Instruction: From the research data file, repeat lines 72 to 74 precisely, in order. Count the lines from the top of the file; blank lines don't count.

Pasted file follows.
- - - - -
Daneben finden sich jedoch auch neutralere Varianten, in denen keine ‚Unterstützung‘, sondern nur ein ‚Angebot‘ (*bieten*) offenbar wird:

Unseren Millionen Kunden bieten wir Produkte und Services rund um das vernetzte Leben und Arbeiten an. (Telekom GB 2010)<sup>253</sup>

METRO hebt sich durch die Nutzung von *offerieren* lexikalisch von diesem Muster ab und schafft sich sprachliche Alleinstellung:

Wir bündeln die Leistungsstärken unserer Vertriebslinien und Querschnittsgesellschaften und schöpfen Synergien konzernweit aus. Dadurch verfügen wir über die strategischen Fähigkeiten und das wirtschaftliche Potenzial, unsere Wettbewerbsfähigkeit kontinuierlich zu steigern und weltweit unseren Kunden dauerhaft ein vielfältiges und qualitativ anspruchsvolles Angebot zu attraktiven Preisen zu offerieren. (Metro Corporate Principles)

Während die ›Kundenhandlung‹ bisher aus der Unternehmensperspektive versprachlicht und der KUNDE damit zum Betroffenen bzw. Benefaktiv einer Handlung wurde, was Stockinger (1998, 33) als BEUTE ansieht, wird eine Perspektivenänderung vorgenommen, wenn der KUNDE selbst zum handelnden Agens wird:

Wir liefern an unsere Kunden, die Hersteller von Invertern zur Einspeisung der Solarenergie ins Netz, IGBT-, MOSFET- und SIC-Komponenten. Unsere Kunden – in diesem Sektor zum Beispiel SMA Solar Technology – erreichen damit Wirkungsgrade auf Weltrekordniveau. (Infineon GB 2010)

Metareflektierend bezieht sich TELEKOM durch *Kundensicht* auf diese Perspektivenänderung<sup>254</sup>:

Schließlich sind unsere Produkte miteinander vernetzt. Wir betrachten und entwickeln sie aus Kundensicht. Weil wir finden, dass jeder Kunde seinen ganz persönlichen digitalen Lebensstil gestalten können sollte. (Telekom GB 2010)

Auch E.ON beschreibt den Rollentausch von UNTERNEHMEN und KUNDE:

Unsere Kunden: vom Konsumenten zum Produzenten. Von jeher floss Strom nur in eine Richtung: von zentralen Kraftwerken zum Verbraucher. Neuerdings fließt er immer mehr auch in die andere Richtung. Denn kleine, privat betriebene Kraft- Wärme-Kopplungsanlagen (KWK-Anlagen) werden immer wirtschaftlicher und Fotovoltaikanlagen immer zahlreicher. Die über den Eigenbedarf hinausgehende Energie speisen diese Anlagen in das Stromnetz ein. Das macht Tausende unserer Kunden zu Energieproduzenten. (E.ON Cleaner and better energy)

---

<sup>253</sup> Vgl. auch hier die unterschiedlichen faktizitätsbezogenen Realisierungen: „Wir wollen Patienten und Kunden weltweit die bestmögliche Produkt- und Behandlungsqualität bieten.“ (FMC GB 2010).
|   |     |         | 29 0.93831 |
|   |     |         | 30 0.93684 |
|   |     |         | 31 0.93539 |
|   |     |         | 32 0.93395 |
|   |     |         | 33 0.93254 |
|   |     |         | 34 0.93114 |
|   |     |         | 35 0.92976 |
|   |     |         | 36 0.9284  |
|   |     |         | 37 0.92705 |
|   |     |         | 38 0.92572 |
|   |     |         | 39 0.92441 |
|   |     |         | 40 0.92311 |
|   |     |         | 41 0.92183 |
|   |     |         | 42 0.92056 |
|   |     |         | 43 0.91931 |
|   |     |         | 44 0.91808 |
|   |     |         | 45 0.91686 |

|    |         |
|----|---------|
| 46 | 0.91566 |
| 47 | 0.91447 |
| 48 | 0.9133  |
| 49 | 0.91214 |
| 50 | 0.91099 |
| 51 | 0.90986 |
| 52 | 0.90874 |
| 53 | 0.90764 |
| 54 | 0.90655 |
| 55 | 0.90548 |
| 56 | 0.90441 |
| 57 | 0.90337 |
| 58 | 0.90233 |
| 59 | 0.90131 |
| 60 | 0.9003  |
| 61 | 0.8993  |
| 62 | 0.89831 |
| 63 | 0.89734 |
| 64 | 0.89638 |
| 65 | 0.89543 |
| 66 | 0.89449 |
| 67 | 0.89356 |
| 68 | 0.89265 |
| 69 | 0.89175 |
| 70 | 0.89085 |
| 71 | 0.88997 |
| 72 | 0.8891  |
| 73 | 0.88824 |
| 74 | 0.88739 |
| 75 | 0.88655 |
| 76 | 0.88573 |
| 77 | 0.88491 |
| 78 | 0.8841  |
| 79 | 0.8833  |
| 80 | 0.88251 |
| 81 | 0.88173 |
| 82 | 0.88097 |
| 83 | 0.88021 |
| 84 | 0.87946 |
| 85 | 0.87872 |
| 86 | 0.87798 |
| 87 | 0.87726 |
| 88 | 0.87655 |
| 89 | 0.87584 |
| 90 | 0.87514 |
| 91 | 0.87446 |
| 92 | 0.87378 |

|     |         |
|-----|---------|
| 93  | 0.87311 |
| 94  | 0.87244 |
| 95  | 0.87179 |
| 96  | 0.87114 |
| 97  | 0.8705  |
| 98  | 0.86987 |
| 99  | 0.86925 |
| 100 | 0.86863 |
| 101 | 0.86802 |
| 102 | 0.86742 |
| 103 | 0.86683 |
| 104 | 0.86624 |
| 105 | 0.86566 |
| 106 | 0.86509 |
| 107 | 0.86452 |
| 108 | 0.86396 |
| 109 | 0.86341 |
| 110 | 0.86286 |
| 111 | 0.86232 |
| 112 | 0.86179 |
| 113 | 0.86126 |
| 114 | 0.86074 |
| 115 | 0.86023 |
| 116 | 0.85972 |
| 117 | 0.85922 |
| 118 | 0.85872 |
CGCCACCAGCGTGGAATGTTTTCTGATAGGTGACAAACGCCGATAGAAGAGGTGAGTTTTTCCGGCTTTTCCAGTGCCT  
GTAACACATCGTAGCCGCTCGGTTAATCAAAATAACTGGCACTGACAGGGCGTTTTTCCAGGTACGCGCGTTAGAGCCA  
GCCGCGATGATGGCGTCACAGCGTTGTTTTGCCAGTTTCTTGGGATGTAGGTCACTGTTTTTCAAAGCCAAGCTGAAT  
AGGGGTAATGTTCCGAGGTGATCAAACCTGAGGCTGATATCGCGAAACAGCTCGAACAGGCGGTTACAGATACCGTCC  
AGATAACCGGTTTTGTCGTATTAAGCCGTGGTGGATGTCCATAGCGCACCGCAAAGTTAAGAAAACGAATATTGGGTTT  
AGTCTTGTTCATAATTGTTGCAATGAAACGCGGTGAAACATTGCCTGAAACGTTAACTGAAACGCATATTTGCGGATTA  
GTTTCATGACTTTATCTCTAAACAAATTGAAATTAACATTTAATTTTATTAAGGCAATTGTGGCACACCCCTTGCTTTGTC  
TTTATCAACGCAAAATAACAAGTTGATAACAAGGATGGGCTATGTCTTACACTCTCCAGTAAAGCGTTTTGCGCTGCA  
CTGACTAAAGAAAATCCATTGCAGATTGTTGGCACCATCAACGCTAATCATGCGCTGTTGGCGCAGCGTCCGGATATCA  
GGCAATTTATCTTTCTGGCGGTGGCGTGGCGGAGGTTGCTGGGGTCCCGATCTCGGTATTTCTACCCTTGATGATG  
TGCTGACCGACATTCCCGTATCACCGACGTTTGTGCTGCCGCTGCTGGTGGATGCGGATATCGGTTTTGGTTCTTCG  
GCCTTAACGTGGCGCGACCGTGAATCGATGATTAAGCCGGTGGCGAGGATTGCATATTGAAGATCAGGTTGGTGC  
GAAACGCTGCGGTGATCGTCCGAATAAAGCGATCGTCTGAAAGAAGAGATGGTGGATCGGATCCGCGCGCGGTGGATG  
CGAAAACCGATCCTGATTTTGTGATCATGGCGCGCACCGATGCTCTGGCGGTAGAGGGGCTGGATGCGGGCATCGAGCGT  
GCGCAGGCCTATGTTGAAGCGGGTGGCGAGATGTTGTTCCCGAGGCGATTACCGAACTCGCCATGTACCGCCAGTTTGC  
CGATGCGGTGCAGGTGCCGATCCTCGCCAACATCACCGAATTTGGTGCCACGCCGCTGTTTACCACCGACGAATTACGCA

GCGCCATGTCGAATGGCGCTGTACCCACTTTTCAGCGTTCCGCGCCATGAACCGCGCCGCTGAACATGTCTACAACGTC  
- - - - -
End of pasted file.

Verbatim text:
| 86 | 0.87798 |
| 87 | 0.87726 |
| 88 | 0.87655 |